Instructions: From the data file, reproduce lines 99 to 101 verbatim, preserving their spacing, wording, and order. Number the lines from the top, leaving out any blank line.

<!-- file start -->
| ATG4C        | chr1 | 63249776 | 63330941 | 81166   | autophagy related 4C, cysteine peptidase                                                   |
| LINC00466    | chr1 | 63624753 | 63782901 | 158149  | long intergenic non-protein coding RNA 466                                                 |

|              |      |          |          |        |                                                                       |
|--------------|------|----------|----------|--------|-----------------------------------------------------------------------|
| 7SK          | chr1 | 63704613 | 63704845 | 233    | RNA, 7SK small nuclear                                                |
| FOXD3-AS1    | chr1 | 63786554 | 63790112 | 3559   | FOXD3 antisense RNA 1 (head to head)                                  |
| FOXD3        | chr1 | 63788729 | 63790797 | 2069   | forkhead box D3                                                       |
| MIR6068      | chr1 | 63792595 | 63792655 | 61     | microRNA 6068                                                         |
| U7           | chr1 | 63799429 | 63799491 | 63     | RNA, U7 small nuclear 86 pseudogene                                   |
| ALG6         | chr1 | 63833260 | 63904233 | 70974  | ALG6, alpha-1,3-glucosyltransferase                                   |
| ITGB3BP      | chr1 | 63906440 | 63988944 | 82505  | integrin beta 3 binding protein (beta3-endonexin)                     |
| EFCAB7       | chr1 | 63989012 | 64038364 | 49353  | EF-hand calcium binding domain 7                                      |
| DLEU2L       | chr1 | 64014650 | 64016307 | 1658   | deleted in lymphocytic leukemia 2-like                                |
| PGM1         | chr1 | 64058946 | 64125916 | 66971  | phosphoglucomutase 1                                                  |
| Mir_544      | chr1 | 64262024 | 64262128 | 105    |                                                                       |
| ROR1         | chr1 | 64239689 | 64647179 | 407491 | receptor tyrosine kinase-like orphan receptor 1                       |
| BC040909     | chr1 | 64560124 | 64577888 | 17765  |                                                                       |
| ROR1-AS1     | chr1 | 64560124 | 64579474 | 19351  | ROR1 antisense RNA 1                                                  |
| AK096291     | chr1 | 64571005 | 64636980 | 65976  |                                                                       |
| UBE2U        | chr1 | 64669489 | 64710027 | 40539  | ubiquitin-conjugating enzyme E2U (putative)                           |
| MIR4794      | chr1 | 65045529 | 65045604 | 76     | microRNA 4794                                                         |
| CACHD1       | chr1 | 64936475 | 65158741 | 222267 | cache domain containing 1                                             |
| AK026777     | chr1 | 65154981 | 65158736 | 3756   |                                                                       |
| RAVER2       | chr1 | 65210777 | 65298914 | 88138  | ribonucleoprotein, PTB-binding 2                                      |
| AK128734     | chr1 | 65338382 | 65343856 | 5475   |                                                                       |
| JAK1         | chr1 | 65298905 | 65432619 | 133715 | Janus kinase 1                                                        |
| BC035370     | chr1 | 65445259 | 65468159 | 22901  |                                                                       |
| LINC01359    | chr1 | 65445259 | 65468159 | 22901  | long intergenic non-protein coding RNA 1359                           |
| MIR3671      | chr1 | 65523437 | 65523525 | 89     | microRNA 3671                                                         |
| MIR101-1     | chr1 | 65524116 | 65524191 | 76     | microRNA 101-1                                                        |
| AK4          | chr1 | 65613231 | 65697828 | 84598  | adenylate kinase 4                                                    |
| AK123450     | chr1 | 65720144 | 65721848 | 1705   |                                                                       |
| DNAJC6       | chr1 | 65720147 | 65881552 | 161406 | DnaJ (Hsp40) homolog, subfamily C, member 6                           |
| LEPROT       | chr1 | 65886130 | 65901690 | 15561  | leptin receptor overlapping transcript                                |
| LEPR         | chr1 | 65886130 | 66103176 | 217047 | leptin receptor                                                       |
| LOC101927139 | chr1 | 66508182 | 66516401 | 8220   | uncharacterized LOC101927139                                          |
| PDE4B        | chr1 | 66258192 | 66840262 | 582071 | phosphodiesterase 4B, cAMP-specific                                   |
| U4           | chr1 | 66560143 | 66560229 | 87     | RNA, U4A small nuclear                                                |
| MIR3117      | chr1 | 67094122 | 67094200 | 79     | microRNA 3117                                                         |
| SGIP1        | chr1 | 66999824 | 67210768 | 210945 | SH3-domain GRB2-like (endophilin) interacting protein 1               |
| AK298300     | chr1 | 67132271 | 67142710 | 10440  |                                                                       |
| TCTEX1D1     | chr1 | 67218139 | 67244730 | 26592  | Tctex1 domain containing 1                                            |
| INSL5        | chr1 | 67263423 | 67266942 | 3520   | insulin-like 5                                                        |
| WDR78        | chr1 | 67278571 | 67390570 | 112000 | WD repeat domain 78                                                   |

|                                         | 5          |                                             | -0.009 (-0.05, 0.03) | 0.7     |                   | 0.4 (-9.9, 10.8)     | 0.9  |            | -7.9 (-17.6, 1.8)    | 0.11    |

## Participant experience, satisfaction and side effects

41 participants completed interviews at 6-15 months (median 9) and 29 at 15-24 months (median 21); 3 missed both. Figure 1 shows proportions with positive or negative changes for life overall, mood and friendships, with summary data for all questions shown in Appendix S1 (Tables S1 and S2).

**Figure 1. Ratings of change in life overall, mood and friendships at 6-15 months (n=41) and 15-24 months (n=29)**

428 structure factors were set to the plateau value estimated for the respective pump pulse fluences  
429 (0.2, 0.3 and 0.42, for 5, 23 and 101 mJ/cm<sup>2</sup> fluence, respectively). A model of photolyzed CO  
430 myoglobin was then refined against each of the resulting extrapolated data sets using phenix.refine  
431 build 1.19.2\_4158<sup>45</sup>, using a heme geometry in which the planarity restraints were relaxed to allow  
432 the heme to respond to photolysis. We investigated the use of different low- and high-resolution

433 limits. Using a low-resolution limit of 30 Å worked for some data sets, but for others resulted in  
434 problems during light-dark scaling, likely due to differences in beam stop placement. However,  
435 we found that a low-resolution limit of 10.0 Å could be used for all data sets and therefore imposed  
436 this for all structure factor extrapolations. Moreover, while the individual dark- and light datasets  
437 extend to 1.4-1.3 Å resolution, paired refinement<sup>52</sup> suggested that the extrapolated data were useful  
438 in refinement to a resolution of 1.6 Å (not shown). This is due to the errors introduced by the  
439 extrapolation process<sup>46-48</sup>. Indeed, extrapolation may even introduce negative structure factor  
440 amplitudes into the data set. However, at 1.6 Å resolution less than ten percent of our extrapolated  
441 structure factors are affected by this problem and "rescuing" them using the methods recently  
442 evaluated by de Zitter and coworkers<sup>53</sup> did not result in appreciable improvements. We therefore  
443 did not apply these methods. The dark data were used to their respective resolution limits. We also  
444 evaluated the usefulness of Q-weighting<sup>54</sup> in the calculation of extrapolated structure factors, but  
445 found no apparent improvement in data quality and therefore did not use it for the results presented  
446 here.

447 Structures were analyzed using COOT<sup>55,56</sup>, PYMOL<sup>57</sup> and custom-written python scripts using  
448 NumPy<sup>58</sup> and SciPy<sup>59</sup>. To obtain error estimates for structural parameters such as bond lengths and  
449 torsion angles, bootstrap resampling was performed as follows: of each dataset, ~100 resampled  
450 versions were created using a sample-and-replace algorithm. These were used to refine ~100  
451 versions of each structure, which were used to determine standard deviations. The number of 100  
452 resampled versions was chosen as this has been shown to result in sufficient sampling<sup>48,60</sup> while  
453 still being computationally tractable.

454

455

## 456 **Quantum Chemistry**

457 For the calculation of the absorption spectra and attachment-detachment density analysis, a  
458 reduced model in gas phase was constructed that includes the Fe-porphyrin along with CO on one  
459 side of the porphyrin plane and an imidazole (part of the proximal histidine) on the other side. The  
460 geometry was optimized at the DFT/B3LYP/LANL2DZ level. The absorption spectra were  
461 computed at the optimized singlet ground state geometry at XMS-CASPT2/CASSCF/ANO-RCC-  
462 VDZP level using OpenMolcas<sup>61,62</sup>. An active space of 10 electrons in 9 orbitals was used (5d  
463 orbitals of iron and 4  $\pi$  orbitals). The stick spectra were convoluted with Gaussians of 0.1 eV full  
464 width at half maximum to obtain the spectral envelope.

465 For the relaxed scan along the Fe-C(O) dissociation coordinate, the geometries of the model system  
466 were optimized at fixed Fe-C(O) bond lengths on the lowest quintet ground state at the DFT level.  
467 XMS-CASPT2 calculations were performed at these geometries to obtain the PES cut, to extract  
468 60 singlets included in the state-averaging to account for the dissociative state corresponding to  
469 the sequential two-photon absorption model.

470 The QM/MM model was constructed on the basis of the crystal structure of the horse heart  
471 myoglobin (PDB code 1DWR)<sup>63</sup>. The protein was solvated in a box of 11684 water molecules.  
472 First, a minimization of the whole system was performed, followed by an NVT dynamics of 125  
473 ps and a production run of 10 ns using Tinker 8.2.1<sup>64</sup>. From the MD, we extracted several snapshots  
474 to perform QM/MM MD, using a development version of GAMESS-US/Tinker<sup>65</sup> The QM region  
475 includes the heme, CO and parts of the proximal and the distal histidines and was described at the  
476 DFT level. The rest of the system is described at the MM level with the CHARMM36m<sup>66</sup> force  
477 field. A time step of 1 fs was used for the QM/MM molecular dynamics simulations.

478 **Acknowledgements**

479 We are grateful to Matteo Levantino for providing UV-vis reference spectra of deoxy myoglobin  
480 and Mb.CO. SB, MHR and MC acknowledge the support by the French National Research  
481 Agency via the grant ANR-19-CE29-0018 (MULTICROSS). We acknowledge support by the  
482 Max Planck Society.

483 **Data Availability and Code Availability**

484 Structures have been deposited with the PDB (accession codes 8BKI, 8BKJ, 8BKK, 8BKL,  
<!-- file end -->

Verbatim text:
478 **Acknowledgements**

479 We are grateful to Matteo Levantino for providing UV-vis reference spectra of deoxy myoglobin  
480 and Mb.CO. SB, MHR and MC acknowledge the support by the French National Research  